For purposes of this study, 30 March 1999 to 29 March 2000 was designated as the pre-law year (1999), and 30 March 2000 to 29 March 2001 was the post-law year (2000).
As shown in fig 1, the incidence rate per 100 000 persons of TBI admissions to neurosurgery decreased significantly by 31.4% after introduction of the revised law. This reduction is highly significant (p<0.001, χ2= 16.99). The change in rate was also seen using the number of registered motorcycles-mopeds in Romagna (n = 432 000) as the unit of exposure. The rate pre-law was 63 per 100 000 registered vehicles and the post-law rate was 43 per 100 000 registered vehicles, a decrease of 31,7% (p<0.001, χ2 = 16.05)
Specific TBI diagnoses also changed as a result of the helmet law (fig 2). For example, we observed a 76% decrease in the diagnosis of traumatic subarachnoid hemorrhage and subdural and epidural hematomas (International Classification of Diseases, 9th revision, clinical modification 852) due to motorcycle-moped crashes. This decrease was statistically significant (p<0.00001, Fisher’s exact test).
The changes in the neurosurgical/neurointensive care unit admissions were almost entirely due to a decrease in numbers of patients admitted with an epidural hematoma after moped crashes. For example, in 1998 there were 37 patients admitted with an epidural hematoma and in 1999 (the year before the new law), 42 patients were admitted. In the year after the introduction of the revised helmet law, only four patients were admitted with this TBI diagnosis. During the same period, the number of patients with acute subdural hematomas or diffuse intracranial injuries decreased only slightly (17 patients in 1998, 18 patients in the year before the law, and 13 cases in the year after). These two hematoma series differed significantly (p<0.005 , χ2 = 11.25)
A comparison of all TBI incidence shows that there was no significant variation before and after introduction of the revised helmet law, with the exception of TBI admissions because of motorcycle-moped crashes (fig 3) where a 66% decrease (p<0.0001, χ2= 22.55) was observed.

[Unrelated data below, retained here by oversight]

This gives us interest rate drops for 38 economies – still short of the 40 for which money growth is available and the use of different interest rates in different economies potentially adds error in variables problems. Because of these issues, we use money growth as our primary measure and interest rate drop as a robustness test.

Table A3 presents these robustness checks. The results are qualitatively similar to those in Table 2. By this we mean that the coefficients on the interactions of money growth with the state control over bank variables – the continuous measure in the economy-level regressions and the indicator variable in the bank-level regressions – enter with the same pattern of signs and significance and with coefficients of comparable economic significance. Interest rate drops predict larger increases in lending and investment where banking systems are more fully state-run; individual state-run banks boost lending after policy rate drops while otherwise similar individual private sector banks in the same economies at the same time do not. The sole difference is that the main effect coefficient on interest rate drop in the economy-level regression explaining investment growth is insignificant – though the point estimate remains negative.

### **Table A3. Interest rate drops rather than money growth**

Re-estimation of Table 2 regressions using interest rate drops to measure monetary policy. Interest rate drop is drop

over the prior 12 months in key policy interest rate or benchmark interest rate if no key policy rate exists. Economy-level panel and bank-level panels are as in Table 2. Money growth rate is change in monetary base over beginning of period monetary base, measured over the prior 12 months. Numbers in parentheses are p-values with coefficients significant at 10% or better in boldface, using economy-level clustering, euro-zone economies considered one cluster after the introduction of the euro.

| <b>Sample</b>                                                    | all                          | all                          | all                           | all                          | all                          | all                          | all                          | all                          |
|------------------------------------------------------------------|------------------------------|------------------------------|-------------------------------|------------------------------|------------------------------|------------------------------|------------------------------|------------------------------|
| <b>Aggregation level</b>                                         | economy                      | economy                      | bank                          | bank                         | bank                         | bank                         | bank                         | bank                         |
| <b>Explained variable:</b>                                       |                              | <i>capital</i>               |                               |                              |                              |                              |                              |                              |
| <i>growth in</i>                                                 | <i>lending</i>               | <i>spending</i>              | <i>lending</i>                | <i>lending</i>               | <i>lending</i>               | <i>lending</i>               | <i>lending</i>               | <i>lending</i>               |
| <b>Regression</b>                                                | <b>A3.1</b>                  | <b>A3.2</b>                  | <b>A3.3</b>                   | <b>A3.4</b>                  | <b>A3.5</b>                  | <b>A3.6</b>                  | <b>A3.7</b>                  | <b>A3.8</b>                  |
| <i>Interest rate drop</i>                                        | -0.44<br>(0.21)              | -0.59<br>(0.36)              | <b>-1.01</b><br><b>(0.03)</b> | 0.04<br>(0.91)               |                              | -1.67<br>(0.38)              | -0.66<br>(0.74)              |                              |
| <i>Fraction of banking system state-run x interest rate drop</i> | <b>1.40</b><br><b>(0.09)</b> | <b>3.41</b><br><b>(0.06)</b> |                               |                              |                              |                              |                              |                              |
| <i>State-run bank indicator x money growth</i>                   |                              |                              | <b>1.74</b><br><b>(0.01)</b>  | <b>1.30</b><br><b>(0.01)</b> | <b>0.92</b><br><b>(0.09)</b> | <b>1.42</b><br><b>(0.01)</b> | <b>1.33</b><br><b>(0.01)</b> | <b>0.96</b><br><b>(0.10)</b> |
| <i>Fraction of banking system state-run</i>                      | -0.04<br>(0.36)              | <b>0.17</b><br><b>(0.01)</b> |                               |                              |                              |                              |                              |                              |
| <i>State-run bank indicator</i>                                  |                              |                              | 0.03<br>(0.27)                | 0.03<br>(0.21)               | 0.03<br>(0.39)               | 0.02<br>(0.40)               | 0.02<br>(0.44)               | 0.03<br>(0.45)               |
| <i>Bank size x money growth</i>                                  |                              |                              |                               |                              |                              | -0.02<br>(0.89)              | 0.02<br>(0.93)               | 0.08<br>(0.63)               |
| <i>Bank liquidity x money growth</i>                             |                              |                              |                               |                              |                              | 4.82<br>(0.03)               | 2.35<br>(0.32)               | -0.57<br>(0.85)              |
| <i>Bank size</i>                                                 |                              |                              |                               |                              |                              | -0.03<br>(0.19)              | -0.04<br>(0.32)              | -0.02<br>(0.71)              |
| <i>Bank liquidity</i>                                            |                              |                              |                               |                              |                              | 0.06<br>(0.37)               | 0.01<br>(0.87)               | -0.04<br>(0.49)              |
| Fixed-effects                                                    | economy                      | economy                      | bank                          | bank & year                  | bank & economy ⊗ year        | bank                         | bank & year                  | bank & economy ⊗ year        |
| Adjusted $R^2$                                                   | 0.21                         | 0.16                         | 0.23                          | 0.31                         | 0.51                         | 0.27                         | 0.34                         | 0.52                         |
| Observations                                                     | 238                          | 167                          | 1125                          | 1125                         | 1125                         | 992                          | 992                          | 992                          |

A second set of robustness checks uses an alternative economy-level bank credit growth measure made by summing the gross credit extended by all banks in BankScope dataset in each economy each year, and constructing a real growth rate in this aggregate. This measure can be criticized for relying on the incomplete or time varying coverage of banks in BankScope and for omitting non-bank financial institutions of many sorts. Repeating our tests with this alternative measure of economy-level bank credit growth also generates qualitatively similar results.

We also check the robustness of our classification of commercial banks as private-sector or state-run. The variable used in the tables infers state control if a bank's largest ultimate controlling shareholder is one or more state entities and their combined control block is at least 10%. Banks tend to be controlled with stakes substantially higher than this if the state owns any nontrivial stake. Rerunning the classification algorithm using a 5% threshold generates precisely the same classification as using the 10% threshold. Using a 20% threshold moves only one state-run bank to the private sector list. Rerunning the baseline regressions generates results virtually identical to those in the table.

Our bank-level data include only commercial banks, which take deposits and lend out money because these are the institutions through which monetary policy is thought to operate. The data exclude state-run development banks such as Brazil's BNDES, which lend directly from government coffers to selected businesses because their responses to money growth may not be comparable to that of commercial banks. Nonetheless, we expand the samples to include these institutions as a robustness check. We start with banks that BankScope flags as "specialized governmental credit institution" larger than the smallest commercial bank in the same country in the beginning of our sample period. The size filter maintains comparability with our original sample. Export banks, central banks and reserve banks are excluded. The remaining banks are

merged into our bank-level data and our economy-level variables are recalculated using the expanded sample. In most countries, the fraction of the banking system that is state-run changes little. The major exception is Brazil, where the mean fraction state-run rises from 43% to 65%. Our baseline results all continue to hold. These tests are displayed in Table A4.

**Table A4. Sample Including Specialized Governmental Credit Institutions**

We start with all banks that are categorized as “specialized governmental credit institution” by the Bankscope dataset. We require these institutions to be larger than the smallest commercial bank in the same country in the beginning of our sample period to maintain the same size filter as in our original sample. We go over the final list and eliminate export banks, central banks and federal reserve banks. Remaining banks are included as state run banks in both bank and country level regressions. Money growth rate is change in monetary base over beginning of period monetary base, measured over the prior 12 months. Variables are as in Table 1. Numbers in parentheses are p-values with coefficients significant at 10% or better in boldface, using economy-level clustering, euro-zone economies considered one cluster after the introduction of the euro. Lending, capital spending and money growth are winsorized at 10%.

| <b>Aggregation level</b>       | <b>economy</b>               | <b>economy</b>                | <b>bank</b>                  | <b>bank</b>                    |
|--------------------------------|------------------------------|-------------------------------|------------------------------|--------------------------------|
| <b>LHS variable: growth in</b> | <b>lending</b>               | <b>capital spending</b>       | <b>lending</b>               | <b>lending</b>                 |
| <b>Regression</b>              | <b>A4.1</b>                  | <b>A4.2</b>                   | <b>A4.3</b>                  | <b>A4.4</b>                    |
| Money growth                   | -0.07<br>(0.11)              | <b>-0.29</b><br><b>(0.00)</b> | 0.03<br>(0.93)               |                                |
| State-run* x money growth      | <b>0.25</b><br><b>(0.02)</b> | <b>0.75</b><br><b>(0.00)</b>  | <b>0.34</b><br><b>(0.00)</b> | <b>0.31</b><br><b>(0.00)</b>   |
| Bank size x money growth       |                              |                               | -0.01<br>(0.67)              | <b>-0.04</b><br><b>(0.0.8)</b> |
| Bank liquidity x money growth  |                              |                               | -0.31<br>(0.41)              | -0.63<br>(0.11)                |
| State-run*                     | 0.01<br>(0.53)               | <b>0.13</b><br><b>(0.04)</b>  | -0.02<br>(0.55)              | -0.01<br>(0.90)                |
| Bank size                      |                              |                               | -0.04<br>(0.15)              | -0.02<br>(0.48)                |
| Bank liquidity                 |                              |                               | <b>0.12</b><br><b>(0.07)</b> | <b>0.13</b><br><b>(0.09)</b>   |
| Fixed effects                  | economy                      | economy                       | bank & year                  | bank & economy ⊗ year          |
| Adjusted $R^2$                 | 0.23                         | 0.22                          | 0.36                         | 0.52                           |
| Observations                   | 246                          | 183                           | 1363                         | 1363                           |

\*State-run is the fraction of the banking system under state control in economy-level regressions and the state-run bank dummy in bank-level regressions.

TBI admissions by age group showed that motorcycle-moped riders aged 18–30 years (p<0.01, χ2= 8.64 ), 31–60 years (p<0.05, χ2= 5.88 ), sustain significantly less TBI (fig 4). Patients aged 14–17 years had also less TBI but had only marginal significance (p=0.052, χ2= 3.78).
Helmet use before and after the law
In Italy, before 2000, the motorcycle helmet had not been accepted by motorcycle and especially by moped riders. Aesthetic, fatalistic, and climatic reasons were given for not using helmets. A survey conducted in 1986 before and after the introduction of the earlier law showed an increase in use of helmets (from 15% to 96%) for motorcycle drivers and (from 4% to 53%) for moped drivers.9 In a recent study done in 1999 before the introduction of the new law, only 22.5% of injured scooter drivers wore a helmet in Rome. In Naples, only 3.4% of injured drivers wore helmets.22
Earlier data from Italy have demonstrated that helmet use reduces hospital admissions for head injuries by 28%–37%.9,22 Similar results were also published for Taiwan.18 Our study confirms this effect by showing a 31% decrease in admissions to the neurosurgical unit after the introduction of the new law (fig 1).
Since new guidelines for head injury management and telemedicine image transfer were introduced at the same time as the revised helmet law, we studied in more detail the TBI population to try to separate the effects of helmet law from possible effects from these management changes.
The independent effect of helmet use in the decrease of TBI is highlighted by the fact that admissions for TBI from other external causes (fig 3) such as pedestrian, bicycle, or car crashes did not show any significant change after the national helmet law was introduced. Therefore, it is reasonable to conclude that the differences observed were not due to simultaneous changes in head injury management policy.